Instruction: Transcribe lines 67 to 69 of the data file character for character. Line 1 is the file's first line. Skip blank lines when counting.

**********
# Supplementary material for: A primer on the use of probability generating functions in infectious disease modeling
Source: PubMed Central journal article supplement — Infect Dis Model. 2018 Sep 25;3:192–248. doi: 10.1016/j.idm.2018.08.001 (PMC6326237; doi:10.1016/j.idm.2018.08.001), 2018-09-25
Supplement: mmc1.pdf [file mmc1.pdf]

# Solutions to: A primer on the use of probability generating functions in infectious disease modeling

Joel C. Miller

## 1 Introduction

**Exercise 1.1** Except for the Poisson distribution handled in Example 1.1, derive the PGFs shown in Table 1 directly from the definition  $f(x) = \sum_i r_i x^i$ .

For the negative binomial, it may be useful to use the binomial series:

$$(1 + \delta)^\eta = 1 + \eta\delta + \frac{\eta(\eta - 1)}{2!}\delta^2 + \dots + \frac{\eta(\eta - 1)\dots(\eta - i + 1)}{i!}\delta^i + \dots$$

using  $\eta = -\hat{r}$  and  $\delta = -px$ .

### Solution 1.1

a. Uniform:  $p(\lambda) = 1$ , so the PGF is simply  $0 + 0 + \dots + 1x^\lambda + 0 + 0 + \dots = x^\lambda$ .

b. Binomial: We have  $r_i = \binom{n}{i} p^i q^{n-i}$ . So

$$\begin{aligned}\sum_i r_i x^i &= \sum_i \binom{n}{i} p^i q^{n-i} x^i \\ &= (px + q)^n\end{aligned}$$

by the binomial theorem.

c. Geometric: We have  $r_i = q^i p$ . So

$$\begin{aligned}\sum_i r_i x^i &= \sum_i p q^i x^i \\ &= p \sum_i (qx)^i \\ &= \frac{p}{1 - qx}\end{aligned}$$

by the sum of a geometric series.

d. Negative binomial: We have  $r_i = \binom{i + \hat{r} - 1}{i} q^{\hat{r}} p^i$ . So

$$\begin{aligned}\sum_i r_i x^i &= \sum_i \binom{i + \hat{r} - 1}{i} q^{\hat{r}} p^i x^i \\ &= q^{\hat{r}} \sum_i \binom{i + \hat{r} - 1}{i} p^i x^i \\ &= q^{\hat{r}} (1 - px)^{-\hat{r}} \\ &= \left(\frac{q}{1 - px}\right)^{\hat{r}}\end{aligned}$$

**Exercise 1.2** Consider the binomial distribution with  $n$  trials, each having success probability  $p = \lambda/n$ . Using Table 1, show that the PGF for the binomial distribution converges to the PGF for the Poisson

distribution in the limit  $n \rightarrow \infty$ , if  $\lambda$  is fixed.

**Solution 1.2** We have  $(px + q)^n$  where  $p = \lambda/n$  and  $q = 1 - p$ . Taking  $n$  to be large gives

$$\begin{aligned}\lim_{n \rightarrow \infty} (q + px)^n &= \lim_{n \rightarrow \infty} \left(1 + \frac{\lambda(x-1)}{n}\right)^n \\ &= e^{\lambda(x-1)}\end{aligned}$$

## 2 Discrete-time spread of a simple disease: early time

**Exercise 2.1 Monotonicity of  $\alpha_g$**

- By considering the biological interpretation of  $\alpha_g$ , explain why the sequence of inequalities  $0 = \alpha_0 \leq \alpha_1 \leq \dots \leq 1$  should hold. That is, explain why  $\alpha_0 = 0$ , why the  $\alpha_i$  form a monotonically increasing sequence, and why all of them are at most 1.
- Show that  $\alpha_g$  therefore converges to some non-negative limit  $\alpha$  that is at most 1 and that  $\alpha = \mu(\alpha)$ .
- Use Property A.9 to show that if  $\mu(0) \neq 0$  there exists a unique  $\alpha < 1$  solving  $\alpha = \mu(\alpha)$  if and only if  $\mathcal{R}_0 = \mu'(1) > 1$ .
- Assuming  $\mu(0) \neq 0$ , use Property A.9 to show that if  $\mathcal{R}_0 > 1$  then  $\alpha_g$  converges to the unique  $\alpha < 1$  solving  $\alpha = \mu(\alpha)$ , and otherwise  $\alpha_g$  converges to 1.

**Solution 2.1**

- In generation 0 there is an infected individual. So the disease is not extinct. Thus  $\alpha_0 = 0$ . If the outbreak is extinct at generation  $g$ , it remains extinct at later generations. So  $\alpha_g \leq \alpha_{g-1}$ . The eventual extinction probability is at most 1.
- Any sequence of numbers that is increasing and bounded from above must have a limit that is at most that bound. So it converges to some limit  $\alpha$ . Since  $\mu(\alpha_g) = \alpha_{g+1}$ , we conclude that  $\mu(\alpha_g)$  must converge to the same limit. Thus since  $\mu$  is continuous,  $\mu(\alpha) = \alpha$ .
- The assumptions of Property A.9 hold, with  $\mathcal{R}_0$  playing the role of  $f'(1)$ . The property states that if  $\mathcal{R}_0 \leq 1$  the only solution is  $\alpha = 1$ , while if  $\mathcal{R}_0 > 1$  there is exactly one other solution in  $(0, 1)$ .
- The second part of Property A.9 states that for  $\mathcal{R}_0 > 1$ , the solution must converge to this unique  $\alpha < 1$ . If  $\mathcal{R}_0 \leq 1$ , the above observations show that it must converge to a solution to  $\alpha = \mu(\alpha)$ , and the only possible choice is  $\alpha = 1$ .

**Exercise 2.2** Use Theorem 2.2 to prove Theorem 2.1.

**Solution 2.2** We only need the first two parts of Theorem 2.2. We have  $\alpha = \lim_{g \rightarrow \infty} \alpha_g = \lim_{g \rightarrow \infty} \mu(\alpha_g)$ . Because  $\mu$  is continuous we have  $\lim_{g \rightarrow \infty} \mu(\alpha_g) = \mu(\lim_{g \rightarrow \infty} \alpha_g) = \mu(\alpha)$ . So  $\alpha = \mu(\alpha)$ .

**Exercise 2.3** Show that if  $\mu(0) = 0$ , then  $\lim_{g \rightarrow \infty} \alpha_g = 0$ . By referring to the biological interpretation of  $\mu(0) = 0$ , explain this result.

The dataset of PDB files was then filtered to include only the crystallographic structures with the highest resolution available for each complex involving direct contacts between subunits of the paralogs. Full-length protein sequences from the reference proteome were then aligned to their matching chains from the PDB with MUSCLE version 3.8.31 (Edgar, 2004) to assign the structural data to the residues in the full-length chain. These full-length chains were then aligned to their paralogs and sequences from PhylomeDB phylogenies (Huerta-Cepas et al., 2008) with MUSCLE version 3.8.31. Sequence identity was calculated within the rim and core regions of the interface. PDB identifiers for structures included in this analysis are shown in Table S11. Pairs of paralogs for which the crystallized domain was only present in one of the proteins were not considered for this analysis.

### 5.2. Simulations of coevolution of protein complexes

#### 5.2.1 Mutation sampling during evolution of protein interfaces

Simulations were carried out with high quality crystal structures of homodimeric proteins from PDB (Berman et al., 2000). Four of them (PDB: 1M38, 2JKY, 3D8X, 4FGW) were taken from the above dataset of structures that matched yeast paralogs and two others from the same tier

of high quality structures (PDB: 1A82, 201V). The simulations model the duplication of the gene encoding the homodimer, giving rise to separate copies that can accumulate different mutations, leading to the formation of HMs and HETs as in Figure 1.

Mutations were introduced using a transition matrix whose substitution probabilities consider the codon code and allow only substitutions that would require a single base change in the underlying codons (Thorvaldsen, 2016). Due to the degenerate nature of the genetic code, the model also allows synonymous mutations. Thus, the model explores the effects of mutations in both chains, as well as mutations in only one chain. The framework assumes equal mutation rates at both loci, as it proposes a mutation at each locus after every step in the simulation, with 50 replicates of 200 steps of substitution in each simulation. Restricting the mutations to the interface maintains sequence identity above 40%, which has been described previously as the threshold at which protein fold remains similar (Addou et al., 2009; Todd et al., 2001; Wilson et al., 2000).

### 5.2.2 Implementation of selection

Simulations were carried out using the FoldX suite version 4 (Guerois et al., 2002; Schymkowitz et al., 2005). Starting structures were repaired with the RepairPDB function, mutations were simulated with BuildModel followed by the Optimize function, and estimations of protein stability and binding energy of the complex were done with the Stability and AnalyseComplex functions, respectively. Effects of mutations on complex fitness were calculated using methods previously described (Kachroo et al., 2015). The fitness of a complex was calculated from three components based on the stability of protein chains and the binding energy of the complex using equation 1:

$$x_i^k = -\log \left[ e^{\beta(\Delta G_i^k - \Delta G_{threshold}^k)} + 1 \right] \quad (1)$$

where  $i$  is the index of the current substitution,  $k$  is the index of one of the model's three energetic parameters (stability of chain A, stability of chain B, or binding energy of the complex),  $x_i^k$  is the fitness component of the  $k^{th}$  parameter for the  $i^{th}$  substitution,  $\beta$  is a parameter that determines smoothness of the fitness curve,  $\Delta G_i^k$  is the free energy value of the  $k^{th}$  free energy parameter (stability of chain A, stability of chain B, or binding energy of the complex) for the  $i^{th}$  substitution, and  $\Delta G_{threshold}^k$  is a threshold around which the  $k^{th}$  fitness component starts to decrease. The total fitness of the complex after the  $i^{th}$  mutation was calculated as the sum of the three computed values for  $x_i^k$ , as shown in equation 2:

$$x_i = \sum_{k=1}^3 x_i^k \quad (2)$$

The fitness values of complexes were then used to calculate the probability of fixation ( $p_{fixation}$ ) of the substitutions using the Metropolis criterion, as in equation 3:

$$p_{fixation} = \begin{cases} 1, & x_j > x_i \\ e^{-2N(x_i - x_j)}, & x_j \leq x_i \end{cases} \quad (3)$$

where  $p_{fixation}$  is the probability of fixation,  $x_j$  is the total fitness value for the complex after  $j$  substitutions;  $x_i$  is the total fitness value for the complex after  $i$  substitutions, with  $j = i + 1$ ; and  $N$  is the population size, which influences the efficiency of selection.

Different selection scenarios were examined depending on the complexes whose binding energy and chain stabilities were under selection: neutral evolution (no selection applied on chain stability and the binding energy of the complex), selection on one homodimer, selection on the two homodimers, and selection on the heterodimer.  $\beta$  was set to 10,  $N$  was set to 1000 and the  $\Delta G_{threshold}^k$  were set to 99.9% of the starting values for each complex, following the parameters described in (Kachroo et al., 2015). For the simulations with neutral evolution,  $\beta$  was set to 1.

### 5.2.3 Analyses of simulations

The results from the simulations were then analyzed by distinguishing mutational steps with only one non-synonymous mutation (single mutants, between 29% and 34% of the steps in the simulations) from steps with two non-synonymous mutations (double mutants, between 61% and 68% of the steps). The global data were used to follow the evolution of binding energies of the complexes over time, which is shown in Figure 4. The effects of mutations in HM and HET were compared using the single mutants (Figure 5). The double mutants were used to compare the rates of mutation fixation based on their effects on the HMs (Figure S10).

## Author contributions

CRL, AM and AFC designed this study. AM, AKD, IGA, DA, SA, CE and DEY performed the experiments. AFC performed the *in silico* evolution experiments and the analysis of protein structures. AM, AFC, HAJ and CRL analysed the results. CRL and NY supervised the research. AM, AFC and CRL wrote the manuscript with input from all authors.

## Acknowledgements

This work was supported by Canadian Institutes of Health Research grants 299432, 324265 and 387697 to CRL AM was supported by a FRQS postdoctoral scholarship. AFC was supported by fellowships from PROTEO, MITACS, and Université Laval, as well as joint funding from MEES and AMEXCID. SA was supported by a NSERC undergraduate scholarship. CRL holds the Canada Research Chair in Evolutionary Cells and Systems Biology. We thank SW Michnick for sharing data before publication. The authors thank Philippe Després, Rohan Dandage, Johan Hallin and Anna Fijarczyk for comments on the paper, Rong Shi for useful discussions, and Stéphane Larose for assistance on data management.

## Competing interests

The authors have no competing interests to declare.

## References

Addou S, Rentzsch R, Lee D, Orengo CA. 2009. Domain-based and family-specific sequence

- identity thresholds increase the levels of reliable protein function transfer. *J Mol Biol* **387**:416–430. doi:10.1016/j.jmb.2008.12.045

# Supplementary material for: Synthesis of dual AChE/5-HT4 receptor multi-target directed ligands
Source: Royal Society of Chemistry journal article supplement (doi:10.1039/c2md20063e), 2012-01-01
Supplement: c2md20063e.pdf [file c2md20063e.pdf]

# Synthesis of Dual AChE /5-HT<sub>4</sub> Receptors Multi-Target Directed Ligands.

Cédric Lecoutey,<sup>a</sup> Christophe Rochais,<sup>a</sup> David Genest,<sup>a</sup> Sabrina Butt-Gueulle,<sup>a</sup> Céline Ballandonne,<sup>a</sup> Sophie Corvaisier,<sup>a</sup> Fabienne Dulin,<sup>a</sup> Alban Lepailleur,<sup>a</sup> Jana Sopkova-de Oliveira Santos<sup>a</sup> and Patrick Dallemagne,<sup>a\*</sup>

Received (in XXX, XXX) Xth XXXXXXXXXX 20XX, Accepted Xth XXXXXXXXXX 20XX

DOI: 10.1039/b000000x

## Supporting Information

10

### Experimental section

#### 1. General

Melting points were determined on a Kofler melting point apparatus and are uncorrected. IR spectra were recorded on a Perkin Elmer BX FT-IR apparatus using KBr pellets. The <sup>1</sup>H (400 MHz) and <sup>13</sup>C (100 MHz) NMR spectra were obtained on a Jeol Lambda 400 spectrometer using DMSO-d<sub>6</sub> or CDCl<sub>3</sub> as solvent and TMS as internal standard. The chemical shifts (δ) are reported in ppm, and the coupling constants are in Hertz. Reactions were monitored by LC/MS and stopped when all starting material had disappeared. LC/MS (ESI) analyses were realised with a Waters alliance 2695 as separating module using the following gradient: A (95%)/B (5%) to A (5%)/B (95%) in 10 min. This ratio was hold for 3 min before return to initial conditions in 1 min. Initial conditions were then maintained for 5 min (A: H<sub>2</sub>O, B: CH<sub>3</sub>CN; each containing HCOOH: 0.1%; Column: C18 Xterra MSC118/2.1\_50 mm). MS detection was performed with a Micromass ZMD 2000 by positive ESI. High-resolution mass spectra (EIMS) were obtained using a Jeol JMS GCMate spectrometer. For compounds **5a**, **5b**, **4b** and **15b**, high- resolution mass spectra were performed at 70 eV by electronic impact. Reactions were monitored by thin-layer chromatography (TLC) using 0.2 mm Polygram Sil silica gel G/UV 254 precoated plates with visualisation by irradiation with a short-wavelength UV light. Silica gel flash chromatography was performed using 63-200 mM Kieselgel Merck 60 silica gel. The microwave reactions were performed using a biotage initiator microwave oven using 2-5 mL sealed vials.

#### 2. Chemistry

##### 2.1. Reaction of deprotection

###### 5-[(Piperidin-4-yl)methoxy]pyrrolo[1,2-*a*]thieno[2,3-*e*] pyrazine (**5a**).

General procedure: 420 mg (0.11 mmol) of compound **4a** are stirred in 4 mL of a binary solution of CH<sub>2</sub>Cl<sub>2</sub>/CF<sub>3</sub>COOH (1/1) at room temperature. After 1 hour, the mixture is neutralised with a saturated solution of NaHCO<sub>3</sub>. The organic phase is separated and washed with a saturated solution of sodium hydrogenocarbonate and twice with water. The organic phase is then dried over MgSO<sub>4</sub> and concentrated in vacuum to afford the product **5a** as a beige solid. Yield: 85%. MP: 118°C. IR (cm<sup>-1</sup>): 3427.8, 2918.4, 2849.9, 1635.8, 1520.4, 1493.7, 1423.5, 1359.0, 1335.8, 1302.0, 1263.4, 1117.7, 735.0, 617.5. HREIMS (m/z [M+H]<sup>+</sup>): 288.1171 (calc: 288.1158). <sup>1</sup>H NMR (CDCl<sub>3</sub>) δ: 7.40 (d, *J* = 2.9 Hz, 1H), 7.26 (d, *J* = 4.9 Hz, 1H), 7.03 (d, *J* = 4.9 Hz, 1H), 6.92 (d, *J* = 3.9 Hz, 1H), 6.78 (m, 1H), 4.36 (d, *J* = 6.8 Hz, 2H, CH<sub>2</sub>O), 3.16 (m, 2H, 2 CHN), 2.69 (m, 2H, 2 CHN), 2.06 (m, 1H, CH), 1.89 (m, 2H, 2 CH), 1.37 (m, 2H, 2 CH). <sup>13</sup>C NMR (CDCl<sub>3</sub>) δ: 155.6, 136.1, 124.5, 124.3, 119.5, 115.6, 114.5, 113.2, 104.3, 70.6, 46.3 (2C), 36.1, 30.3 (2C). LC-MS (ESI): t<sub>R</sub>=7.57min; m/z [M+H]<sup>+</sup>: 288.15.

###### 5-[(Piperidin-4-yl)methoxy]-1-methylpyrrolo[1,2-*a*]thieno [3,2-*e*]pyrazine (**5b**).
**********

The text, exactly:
Supplement: c2md20063e.pdf [file c2md20063e.pdf]

# Synthesis of Dual AChE /5-HT<sub>4</sub> Receptors Multi-Target Directed Ligands.

Cédric Lecoutey,<sup>a</sup> Christophe Rochais,<sup>a</sup> David Genest,<sup>a</sup> Sabrina Butt-Gueulle,<sup>a</sup> Céline Ballandonne,<sup>a</sup> Sophie Corvaisier,<sup>a</sup> Fabienne Dulin,<sup>a</sup> Alban Lepailleur,<sup>a</sup> Jana Sopkova-de Oliveira Santos<sup>a</sup> and Patrick Dallemagne,<sup>a\*</sup>